All eyes were on Fed Chair Powell last Friday for additional guidance on future Fed policy. Powell did not provide new information on specific time frames for policy changes, however, and mortgage rates ended last week a bit higher.
Fed speech does not signal a move on interest rates
Near the start of the pandemic, the Fed began buying $120 billion of Treasuries and mortgage-backed securities (MBS) each month to help support the economy. As the recovery has progressed, Fed officials have said that the need for this additional stimulus has declined, and investors expect that these bond purchases will begin to be tapered (scaled back) before the end of the year. Many officials have recently expressed support for the tapering to start very soon given elevated levels of inflation.
At a highly anticipated speech last Friday, however, Fed Chair Powell emphasized the “near-term risk” to the economy posed by the spread of Covid. He also repeated the reasons that the recent spike in inflation likely could be transitory due to temporary factors related to the pandemic. He said that he would like to see further progress in lowering the unemployment rate before removing stimulus. In short, there remains a wide range of opinions among officials on the proper time to taper, and investors did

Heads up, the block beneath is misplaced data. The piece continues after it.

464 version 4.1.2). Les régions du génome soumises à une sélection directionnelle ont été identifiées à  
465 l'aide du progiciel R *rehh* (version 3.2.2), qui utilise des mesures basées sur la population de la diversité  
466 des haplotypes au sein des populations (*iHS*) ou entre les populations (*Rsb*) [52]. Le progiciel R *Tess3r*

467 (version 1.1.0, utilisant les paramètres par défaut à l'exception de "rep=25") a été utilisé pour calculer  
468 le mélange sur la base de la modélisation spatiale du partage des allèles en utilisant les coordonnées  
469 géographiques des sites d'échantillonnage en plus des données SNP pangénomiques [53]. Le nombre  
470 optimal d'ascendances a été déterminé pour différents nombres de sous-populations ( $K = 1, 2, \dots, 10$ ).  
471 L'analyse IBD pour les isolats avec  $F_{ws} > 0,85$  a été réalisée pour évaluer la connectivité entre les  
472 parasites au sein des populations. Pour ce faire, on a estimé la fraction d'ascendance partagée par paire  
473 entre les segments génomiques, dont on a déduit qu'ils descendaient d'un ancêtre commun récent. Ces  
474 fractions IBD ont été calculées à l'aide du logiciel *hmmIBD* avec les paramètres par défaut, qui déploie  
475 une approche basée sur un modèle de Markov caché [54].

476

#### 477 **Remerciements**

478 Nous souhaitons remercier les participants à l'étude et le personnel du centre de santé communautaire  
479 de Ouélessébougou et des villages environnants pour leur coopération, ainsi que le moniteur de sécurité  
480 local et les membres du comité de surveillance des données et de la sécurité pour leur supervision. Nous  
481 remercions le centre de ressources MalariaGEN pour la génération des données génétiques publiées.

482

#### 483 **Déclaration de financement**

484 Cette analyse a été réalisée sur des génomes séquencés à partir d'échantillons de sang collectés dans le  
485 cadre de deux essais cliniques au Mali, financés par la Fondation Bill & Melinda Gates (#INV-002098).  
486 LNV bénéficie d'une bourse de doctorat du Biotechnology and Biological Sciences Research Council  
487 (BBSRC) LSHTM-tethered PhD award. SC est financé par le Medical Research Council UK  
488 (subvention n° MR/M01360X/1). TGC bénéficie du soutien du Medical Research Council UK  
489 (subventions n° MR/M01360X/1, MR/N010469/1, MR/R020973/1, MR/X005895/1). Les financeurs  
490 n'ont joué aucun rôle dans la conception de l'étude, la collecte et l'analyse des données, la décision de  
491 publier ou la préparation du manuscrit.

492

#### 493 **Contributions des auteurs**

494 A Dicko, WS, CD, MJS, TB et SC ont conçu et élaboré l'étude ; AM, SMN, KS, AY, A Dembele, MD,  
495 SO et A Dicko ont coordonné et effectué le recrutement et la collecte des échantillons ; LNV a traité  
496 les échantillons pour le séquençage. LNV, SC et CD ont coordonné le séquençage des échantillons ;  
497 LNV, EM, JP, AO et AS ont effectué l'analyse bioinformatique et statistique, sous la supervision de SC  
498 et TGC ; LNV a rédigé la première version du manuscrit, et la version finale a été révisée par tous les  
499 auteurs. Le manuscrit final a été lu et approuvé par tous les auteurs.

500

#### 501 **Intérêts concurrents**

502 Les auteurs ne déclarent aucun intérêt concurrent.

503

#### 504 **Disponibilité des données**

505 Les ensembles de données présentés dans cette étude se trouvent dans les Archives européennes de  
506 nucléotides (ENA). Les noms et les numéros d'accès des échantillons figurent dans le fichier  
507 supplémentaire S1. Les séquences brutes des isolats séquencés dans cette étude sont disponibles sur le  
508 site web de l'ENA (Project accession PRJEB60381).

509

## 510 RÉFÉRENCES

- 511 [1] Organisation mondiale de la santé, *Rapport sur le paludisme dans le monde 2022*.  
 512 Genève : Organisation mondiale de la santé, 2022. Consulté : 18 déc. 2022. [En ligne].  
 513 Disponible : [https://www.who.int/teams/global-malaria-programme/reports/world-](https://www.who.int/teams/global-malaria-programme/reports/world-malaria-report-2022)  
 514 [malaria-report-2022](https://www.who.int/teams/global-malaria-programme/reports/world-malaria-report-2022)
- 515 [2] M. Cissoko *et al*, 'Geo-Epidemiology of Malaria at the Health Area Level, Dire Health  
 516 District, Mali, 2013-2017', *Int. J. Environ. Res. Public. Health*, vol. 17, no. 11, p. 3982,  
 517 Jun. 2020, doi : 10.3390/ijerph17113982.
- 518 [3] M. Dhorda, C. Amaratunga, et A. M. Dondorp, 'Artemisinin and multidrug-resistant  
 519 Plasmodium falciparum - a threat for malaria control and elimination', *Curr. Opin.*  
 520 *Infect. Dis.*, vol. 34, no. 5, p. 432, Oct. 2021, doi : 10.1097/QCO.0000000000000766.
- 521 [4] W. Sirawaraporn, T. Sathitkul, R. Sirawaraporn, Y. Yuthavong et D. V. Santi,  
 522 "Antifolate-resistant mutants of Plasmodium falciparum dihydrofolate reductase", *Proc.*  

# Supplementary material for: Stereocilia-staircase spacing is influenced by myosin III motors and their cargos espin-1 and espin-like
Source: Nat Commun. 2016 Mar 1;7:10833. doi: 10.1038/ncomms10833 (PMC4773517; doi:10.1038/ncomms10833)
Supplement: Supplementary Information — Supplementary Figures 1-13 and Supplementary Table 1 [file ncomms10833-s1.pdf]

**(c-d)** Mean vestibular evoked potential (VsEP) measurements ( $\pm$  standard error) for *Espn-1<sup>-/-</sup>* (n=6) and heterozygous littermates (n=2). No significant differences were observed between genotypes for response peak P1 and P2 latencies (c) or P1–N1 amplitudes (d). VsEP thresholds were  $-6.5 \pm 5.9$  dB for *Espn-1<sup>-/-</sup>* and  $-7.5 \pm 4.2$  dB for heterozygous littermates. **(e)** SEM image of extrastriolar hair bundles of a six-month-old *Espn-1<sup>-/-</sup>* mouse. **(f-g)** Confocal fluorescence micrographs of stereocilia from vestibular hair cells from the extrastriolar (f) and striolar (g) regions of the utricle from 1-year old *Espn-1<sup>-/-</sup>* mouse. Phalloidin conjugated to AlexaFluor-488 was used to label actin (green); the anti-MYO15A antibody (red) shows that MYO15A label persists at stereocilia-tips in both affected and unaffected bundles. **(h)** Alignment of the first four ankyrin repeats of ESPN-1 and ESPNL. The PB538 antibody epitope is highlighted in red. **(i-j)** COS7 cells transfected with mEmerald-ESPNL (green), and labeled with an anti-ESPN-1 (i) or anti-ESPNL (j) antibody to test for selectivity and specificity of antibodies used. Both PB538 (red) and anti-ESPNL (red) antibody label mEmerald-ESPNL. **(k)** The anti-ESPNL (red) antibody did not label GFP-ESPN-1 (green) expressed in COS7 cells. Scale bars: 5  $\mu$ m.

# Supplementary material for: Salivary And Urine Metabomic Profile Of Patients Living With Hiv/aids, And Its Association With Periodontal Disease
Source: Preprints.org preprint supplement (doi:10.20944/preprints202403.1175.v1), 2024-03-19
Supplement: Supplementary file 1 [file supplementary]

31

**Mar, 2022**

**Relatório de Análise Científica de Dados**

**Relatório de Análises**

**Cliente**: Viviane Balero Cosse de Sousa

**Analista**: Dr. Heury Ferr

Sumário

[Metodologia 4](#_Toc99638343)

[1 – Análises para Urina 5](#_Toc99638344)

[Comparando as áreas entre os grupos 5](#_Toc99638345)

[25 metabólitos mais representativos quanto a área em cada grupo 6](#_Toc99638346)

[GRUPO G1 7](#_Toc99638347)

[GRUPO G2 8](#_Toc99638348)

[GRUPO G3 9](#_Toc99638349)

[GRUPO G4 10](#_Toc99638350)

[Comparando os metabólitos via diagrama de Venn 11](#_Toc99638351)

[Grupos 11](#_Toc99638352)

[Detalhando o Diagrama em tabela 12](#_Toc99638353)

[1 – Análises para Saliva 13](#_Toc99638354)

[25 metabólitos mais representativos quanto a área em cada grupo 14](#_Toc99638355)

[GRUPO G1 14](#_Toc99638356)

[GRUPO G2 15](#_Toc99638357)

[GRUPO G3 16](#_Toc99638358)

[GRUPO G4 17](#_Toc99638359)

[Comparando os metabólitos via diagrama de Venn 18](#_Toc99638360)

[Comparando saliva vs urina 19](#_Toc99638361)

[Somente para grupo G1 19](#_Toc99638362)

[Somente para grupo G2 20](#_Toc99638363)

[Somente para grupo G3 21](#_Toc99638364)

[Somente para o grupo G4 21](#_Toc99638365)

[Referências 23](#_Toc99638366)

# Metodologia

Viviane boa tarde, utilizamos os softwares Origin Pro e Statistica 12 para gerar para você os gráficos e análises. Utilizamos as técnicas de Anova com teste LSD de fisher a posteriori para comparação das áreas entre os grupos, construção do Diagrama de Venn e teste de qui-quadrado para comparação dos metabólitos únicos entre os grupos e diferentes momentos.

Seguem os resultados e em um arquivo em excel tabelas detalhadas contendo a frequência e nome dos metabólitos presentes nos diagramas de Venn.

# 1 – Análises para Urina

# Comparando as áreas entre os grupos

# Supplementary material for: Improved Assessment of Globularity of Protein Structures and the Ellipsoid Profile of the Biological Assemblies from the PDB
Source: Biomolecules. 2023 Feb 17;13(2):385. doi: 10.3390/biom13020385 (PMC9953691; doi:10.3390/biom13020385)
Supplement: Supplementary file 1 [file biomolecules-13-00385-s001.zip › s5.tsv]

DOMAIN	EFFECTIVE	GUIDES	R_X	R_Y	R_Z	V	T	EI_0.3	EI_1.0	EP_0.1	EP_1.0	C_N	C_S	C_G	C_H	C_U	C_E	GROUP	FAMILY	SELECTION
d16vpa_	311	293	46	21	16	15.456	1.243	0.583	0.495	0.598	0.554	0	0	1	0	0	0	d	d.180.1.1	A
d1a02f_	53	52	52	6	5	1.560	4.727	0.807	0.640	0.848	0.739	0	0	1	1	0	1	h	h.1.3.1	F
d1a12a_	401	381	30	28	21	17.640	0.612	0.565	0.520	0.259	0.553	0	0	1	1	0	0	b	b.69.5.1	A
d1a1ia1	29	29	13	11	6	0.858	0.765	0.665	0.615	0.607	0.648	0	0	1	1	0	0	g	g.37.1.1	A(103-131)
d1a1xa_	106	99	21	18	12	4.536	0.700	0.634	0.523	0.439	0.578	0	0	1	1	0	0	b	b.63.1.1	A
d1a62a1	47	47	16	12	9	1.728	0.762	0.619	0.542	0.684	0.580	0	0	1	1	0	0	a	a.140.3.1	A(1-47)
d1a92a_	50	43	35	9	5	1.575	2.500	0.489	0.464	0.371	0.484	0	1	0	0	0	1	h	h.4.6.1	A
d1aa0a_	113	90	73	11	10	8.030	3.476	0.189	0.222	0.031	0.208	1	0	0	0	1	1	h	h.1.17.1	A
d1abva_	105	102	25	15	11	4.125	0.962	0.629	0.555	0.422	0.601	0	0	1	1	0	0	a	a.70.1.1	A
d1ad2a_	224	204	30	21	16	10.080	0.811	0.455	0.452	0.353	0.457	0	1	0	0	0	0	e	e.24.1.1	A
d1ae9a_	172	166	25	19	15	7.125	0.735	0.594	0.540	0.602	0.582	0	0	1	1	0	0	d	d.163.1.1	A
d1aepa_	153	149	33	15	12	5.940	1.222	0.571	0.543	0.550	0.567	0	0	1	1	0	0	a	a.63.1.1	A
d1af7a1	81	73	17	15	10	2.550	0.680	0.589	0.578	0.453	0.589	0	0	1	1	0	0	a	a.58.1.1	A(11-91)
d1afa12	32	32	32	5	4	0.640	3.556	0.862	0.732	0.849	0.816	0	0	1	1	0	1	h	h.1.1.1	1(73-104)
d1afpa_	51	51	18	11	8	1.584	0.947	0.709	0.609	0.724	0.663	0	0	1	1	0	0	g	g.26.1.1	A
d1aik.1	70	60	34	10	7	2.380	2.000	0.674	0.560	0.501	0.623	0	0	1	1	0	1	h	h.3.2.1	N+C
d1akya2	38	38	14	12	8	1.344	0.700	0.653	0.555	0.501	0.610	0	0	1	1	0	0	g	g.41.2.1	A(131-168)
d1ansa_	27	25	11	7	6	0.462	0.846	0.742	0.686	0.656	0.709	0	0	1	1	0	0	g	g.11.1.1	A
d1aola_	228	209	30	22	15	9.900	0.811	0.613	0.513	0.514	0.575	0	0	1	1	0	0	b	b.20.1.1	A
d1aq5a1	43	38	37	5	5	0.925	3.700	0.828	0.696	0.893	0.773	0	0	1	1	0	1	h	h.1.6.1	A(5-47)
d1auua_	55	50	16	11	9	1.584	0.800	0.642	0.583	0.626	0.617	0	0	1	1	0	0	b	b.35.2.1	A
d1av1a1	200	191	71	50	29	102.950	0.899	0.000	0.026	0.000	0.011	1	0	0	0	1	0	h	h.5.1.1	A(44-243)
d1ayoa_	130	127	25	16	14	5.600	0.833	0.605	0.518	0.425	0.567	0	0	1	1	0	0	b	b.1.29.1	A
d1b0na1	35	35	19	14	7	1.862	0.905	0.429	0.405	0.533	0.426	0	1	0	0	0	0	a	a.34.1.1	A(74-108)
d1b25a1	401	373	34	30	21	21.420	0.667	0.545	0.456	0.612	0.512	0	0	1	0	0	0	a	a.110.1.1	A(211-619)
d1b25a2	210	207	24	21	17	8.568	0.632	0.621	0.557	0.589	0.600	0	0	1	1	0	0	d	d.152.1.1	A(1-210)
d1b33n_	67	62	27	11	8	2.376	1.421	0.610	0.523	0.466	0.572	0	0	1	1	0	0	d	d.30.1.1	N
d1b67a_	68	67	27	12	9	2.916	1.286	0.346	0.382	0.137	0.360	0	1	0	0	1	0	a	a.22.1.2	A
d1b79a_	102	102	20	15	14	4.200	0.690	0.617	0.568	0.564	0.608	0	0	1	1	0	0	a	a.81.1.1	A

not receive the precise guidance they were seeking.
Core PCE price index hits a 30-year high
The core PCE price index is the inflation indicator favored by the Fed. In July, core PCE was 3.6% higher than a year ago, matching the consensus forecast. This was the same annual rate of increase as last month, but up from just 1.5% in February, and the highest annual rate since 1991. While economists have been expecting readings of this magnitude during the reopening of the economy, they also have differing views on whether higher inflation will be a temporary spike or persist for years.
Median Home Price Skyrockets
In July, sales of existing homes rose 2% from June and were slightly higher than a year ago. Inventory levels were down 12% from last year at this time, at just a 2.6-month supply nationally, well below the 6-month supply which is considered a healthy balance between buyers and sellers. The median existing home price was $359,900, up 18% from a year ago.
Major Economic News Due This Week
Looking ahead, investors will closely watch Covid case counts around the world. They also will look for hints from Fed officials about the timing for changes in monetary policy. Beyond that, the key Employment report will be released on Friday, and these figures on the number of jobs, the unemployment rate, and wage inflation will be the most highly anticipated economic data of the month. The ISM national manufacturing index will come out on Wednesday.